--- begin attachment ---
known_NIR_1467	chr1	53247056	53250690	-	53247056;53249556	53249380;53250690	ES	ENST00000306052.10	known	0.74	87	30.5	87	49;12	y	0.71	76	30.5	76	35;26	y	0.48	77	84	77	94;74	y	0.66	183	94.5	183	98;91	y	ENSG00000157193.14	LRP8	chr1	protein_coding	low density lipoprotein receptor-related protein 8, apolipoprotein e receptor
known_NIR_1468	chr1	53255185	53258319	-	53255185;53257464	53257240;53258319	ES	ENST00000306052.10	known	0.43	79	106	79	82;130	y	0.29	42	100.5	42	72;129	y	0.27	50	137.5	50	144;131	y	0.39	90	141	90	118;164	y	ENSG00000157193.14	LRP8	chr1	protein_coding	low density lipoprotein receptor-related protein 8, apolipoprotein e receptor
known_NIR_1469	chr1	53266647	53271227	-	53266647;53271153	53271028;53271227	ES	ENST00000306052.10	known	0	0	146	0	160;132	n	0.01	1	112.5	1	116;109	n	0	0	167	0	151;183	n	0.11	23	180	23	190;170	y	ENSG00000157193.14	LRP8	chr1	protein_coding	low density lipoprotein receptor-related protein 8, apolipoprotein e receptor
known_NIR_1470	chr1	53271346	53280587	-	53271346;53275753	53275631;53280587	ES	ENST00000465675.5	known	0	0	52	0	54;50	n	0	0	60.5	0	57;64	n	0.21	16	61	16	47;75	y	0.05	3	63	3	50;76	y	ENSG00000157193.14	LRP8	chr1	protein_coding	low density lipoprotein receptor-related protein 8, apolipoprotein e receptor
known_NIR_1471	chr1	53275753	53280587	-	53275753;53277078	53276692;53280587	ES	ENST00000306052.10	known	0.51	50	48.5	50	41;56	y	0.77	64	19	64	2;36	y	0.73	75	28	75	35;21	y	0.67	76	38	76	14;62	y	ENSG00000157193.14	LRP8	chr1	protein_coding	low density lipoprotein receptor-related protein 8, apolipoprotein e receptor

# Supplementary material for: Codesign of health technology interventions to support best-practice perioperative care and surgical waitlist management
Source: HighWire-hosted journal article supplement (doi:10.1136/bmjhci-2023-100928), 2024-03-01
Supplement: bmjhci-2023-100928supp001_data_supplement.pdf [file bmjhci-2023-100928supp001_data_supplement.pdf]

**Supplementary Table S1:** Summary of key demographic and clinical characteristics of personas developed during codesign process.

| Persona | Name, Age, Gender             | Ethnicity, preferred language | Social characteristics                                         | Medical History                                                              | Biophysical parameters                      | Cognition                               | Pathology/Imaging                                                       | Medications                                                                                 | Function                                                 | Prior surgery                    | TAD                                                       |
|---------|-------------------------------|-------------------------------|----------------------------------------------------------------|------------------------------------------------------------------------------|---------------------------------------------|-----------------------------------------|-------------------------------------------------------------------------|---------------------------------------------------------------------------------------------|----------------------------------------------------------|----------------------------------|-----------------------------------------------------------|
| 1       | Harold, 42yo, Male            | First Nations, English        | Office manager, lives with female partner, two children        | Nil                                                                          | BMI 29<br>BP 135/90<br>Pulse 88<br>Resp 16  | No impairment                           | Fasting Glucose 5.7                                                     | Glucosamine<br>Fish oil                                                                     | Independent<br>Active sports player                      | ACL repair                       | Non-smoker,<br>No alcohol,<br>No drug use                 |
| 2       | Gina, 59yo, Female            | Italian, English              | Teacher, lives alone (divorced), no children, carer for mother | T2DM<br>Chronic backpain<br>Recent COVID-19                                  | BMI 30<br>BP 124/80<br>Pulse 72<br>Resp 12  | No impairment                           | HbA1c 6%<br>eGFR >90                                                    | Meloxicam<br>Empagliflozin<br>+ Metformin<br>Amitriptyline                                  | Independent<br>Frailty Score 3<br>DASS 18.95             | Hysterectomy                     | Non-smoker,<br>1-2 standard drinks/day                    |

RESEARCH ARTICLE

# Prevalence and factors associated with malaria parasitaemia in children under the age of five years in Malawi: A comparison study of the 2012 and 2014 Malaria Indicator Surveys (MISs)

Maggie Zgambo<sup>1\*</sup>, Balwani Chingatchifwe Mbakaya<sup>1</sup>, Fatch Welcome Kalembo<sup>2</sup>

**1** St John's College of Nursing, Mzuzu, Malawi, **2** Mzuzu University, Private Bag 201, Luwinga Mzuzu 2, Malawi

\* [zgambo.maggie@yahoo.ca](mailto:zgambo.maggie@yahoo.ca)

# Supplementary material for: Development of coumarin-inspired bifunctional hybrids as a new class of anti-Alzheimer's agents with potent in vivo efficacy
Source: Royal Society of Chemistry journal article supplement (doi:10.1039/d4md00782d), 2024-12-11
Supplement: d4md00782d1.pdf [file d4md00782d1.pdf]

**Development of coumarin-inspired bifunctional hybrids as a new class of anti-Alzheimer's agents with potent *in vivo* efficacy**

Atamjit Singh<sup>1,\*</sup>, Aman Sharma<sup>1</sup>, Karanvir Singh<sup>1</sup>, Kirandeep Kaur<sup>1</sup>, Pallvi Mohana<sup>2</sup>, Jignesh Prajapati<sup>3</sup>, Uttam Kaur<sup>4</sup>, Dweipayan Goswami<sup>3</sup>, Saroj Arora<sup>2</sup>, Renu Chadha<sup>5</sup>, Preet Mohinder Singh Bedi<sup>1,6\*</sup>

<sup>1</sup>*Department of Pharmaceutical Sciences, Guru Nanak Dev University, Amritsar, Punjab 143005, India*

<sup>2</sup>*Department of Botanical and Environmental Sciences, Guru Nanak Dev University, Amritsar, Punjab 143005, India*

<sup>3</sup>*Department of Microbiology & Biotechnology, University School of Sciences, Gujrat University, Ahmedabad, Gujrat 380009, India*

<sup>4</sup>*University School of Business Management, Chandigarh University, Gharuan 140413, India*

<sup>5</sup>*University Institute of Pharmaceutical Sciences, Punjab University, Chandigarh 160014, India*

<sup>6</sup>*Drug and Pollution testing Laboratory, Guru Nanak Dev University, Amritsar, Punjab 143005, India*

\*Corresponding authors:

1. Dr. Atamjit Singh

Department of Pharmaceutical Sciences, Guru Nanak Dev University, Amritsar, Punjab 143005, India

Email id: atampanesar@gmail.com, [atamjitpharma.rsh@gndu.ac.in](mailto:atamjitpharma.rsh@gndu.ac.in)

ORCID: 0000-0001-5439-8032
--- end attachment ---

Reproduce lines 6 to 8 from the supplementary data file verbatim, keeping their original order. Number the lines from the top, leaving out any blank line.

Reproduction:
# Supplementary material for: Codesign of health technology interventions to support best-practice perioperative care and surgical waitlist management
Source: HighWire-hosted journal article supplement (doi:10.1136/bmjhci-2023-100928), 2024-03-01
Supplement: bmjhci-2023-100928supp001_data_supplement.pdf [file bmjhci-2023-100928supp001_data_supplement.pdf]